It’s a lazy Wednesday afternoon, one of the days when the idea of doing readings is just not your fancy, and it’s too cold to go outside. So instead, you launch Google Earth and type “Hong Kong” in the search bar. You watch as the virtual globe spins halfway across the world to a tiny red prick on China’s south-eastern coast, and click on the little man figure at the bottom right corner of the screen. You put him wherever you want, perhaps right where the red prick is, at the center of Hong Kong. “Woah,” you might think to yourself, as you take in all the tightly packed high-rise buildings, throngs of people and rows of cars that seem worlds away from the quiet town that is Durham. “What is this place?” Something flashes into your mind. Hong Kong, the financial center, the commercial port. Hong Kong, the city of protests that made international news last year.
That’s my home city on your computer screen, a place that lives in the headlines and seems forever associated with the image of posh businessmen strutting in and out of office buildings. Yet, there is something about this city that a frozen image on Google Earth doesn’t really capture, an image which thrives behind the words of a Guardian article. After all, home is more than a name, a photo or a place. It’s also a feeling. Perhaps to me, no words or pictures capture the sensation that comes to mind when I think of home: the curious juxtaposition that animates Hong Kong and its people.
Hong Kong is a city that seems to glow with vigor and never sleep. During the day, the streets are alive with people: students, hurrying back to school along Jordan Road with the end of lunch hour, or perhaps businessmen, weaving their way through the numerous footbridges of Central or Admiralty, on a journey to the Stock Exchange or back to their offices. As the sun sets and rush hour arrives, hungry and tired commuters jostle in the struggle to get into a train carriage, while the passengers inside push each other for a few more inches of space, making the phrase “packed like a can of sardines” seem like an understatement. With the fall of night, the lights on the buildings that line the two sides of Victoria Harbor create a continuation of the day as they light up the dark, glassy water below them with pink, purple and yellow hues.
Yet, tucked away in secluded pockets, part of the city has perhaps remembered its past as a sleepy fishing village. A few steps away from the skyscrapers and offices of Admiralty, the trams on the main road provide a quick getaway from the fast rhythm of the city. On a warm day in April, a soft breeze can be felt through the open windows, as the tram produces a merry “ding ding” sound and rattles slowly along the coast of Hong Kong island, oblivious to the roar of transport that shares the road beside it. And a thirty-minute ferry ride away from Central Pier is Lamma Island, a tiny island with lush vegetation and meandering streams, where small fish farms float lazily in a sheltered bay and fishing boats bob gently on the waves.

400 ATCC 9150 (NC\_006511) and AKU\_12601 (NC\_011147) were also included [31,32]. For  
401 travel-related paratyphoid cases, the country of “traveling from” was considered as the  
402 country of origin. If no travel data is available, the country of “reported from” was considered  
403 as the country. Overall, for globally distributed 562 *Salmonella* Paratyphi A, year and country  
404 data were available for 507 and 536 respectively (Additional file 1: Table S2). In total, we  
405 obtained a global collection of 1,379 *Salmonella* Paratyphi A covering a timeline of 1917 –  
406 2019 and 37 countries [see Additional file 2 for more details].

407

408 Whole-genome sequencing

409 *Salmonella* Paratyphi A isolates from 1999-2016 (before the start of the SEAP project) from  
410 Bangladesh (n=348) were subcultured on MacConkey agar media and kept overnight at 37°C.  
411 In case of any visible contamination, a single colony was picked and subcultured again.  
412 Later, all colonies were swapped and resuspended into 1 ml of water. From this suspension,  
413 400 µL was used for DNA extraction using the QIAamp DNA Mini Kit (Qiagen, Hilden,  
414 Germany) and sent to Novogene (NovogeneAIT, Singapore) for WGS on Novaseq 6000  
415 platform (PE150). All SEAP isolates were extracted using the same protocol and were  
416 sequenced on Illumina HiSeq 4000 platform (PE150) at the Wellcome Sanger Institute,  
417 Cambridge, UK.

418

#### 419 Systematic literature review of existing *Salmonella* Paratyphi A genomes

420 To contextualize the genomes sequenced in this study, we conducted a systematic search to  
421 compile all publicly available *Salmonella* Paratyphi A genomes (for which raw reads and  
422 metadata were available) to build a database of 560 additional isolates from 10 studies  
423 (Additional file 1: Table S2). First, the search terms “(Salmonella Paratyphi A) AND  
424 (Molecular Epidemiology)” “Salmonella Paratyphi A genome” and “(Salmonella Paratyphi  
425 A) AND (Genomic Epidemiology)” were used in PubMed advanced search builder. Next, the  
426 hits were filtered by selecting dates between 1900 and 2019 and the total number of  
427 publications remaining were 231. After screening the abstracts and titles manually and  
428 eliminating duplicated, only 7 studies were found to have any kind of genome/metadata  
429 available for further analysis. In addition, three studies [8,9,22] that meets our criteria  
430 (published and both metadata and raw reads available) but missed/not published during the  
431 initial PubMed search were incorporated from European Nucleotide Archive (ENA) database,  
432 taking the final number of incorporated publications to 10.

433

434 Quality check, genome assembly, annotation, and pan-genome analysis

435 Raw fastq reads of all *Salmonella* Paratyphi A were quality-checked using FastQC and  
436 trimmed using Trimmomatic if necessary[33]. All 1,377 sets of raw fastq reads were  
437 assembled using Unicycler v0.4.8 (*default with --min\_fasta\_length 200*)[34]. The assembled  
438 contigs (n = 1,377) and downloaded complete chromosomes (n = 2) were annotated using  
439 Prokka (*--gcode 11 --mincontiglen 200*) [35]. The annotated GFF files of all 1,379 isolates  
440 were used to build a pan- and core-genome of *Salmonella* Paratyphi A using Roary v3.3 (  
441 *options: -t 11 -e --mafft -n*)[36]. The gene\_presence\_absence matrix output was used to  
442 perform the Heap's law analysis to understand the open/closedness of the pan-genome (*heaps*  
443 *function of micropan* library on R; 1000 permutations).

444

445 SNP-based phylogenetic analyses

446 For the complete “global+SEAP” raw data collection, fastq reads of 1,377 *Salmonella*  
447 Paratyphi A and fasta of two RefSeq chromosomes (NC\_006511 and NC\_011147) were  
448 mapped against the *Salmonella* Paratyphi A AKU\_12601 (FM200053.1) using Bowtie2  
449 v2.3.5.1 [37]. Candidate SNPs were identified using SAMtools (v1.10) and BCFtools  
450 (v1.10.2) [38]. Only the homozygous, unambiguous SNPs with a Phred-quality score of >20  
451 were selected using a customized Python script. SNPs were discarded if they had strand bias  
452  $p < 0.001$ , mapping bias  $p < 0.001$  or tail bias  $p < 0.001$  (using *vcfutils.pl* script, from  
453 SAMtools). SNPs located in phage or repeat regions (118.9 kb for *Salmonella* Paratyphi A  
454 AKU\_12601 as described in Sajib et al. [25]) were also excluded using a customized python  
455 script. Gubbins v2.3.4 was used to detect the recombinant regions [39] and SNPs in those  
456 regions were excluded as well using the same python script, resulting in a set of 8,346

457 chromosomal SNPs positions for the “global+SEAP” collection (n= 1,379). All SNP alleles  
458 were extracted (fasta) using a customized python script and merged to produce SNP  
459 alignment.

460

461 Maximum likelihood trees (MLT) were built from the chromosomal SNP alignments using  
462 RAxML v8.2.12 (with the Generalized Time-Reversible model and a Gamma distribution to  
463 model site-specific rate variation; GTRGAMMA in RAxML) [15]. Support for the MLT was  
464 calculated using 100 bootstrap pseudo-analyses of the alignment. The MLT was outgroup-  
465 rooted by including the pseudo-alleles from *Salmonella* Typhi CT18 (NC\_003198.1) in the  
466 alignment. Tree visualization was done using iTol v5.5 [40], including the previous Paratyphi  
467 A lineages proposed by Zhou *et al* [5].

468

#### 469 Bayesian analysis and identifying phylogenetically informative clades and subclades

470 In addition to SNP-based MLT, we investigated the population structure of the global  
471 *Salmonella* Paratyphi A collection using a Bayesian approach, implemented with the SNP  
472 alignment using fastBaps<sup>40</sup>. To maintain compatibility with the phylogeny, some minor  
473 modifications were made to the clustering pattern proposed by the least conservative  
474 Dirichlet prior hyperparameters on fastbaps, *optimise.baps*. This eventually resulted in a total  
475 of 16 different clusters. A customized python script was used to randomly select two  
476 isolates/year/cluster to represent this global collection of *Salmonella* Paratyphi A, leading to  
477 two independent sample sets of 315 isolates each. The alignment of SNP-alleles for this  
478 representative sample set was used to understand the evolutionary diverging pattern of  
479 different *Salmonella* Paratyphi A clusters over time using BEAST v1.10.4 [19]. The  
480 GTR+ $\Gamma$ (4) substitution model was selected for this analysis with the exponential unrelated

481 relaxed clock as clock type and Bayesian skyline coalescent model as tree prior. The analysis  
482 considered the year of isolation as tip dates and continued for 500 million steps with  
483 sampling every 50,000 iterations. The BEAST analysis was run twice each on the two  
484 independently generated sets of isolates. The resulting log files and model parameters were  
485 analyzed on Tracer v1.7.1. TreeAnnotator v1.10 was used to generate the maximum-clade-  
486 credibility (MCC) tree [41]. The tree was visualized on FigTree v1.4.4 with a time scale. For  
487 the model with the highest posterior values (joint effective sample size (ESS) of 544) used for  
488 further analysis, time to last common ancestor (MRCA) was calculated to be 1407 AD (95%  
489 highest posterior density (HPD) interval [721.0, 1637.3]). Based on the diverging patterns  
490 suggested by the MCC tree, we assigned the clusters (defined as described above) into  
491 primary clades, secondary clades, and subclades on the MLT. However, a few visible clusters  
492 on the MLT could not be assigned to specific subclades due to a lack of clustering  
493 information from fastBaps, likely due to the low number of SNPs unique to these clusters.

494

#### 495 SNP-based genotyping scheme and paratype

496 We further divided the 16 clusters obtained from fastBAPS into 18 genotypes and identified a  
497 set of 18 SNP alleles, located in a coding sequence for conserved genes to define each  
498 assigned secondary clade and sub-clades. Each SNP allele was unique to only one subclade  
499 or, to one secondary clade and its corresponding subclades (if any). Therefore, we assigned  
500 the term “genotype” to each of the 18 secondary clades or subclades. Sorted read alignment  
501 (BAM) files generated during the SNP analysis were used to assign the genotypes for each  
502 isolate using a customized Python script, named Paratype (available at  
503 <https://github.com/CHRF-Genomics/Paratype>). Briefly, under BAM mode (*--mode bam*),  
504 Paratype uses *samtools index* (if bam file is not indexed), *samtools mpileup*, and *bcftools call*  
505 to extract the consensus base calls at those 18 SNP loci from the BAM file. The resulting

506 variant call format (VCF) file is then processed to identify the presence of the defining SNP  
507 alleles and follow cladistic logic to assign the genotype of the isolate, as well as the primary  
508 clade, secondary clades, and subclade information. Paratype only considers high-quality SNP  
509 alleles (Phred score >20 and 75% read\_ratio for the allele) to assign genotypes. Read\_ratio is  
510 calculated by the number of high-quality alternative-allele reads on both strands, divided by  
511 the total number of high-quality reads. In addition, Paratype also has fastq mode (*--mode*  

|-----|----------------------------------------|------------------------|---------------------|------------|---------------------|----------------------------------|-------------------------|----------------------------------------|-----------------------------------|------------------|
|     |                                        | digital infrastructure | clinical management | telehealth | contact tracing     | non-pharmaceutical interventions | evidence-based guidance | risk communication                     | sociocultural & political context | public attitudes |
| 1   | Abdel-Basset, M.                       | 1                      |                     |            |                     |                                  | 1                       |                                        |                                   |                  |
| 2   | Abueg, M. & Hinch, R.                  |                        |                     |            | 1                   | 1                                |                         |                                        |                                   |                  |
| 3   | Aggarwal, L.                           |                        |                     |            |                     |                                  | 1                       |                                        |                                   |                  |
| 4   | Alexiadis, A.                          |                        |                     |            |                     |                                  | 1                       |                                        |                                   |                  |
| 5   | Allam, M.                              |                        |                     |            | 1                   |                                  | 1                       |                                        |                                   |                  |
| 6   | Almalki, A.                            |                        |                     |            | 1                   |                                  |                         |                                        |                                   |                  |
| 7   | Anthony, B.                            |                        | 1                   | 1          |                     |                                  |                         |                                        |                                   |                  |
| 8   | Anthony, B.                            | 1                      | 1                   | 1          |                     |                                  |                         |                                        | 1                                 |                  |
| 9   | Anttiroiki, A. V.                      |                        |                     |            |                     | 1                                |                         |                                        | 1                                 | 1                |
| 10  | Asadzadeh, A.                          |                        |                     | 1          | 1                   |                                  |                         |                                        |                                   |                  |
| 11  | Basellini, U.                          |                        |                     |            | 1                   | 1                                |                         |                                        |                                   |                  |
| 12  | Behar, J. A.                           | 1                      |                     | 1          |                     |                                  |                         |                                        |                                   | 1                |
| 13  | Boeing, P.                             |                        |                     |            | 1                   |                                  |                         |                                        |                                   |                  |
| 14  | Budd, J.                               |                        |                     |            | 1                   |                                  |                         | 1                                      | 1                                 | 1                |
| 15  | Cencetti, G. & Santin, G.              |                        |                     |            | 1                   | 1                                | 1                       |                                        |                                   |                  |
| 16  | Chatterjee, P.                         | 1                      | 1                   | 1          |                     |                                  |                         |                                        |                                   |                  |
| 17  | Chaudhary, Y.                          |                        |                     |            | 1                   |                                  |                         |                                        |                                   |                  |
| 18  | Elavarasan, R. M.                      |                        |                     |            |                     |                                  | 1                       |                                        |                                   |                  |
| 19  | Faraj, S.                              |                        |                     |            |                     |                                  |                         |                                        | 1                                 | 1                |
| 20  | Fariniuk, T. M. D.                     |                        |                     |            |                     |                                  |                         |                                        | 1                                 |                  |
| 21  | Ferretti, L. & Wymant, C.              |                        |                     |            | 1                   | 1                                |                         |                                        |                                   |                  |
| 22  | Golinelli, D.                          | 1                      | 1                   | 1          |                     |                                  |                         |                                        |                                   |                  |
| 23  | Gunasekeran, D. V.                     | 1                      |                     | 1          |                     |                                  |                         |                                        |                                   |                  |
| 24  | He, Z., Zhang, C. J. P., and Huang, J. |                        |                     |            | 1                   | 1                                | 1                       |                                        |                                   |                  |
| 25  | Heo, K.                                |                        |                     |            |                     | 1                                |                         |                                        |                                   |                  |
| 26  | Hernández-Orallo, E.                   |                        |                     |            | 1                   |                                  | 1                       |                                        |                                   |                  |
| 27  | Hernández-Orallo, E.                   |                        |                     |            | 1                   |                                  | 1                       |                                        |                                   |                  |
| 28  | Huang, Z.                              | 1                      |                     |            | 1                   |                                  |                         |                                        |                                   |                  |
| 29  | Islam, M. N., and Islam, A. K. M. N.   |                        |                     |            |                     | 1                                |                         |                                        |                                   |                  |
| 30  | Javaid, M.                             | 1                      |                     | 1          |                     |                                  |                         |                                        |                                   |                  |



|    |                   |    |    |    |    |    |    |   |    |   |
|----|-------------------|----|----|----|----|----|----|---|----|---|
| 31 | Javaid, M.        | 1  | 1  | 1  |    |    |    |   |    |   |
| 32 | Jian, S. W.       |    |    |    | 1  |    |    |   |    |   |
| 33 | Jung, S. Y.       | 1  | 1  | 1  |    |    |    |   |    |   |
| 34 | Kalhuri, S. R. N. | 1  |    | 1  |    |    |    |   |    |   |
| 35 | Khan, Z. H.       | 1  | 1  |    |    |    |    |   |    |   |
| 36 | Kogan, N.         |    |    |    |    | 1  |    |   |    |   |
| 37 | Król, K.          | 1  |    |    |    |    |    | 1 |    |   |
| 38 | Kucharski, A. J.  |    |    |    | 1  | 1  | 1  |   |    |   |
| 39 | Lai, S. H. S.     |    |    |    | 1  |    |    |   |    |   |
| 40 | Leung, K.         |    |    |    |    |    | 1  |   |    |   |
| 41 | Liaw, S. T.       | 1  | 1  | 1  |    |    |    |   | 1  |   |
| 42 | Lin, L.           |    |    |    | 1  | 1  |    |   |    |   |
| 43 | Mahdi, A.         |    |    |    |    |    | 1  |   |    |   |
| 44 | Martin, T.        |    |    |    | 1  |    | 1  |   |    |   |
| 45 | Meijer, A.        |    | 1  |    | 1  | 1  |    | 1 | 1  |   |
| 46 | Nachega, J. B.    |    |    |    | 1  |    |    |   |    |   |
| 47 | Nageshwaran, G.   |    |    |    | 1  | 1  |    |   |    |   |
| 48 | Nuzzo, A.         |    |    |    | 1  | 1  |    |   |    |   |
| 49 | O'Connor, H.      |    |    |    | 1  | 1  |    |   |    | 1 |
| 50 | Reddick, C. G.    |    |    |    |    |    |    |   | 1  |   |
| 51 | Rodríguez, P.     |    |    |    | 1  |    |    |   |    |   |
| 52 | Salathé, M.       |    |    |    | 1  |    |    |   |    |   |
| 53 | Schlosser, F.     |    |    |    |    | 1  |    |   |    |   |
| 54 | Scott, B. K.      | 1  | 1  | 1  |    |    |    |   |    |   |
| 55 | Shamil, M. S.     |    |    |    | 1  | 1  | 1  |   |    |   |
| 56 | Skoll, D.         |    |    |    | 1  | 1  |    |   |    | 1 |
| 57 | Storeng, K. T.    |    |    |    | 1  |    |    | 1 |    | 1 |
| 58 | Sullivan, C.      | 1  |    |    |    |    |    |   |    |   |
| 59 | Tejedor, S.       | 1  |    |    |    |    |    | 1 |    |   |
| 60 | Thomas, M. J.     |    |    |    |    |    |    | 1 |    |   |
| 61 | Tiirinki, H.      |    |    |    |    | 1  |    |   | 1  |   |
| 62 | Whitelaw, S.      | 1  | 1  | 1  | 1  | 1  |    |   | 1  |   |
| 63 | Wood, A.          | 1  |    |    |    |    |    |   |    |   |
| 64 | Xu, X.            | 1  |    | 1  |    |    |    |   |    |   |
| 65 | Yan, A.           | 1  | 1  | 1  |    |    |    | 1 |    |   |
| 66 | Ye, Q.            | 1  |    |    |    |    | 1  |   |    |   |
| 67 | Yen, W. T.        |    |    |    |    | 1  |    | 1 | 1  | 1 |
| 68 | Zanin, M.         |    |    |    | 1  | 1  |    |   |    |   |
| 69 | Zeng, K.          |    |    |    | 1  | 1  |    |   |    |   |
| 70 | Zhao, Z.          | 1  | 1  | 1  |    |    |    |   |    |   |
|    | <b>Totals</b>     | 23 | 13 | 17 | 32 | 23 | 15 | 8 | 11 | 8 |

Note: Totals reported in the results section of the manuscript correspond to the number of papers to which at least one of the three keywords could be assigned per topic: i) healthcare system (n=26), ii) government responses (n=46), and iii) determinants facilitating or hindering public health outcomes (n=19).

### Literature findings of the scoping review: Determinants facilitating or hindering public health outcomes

There are also the middle-aged housewives, colloquially known as see lai, who spend 10 minutes haggling with ferocious tenacity for the vendor to lower the price of dried seafood at a market at Lau Fau Shan. There are the waiters of cha chaan tengs (local style cafes), who crossly remind customers to hurry up with their egg tarts, and waste no time in preparing the table again for the next person after they are done. But amidst those who choose to live their lives in a hurried, fast paced manner, there are also those who choose to take life one step at a time and let time flow slowly. During the weekend, the Mount Parker Road Green Trail is dotted with hikers chatting leisurely with each other during a break in a pavilion, or casually snapping photos of the wild boars that occasionally cross the path. In the historical area of Kowloon City Walled Park, an old man, a former inhabitant of the area, can often be found sitting under a tree creating paper art, and he offers personal anecdotes to the occasional visitor who is interested in knowing more about the past.
A contrast between vibrancy and tranquility, excitement and calm, seems to hang between these snapshots of memory of this city. But in one curious way or another, this chiaroscuro works in harmony instead of conflict, like contrasting colors on a painting, where the vibrancy does not diminish the tranquility, and the calm only serves to accentuate how exciting the city can be. Lamma Island, fully packed train carriages and peaceful hiking routes exist in tandem in my mind, yet never seem incongruous. This is, perhaps, the picture that comes to me when I think of Hong Kong. A picture that lives beyond a ten-word newspaper heading, or a static Street View photo. A picture I call Home.
Featured Image by Stephen Lee on flickr.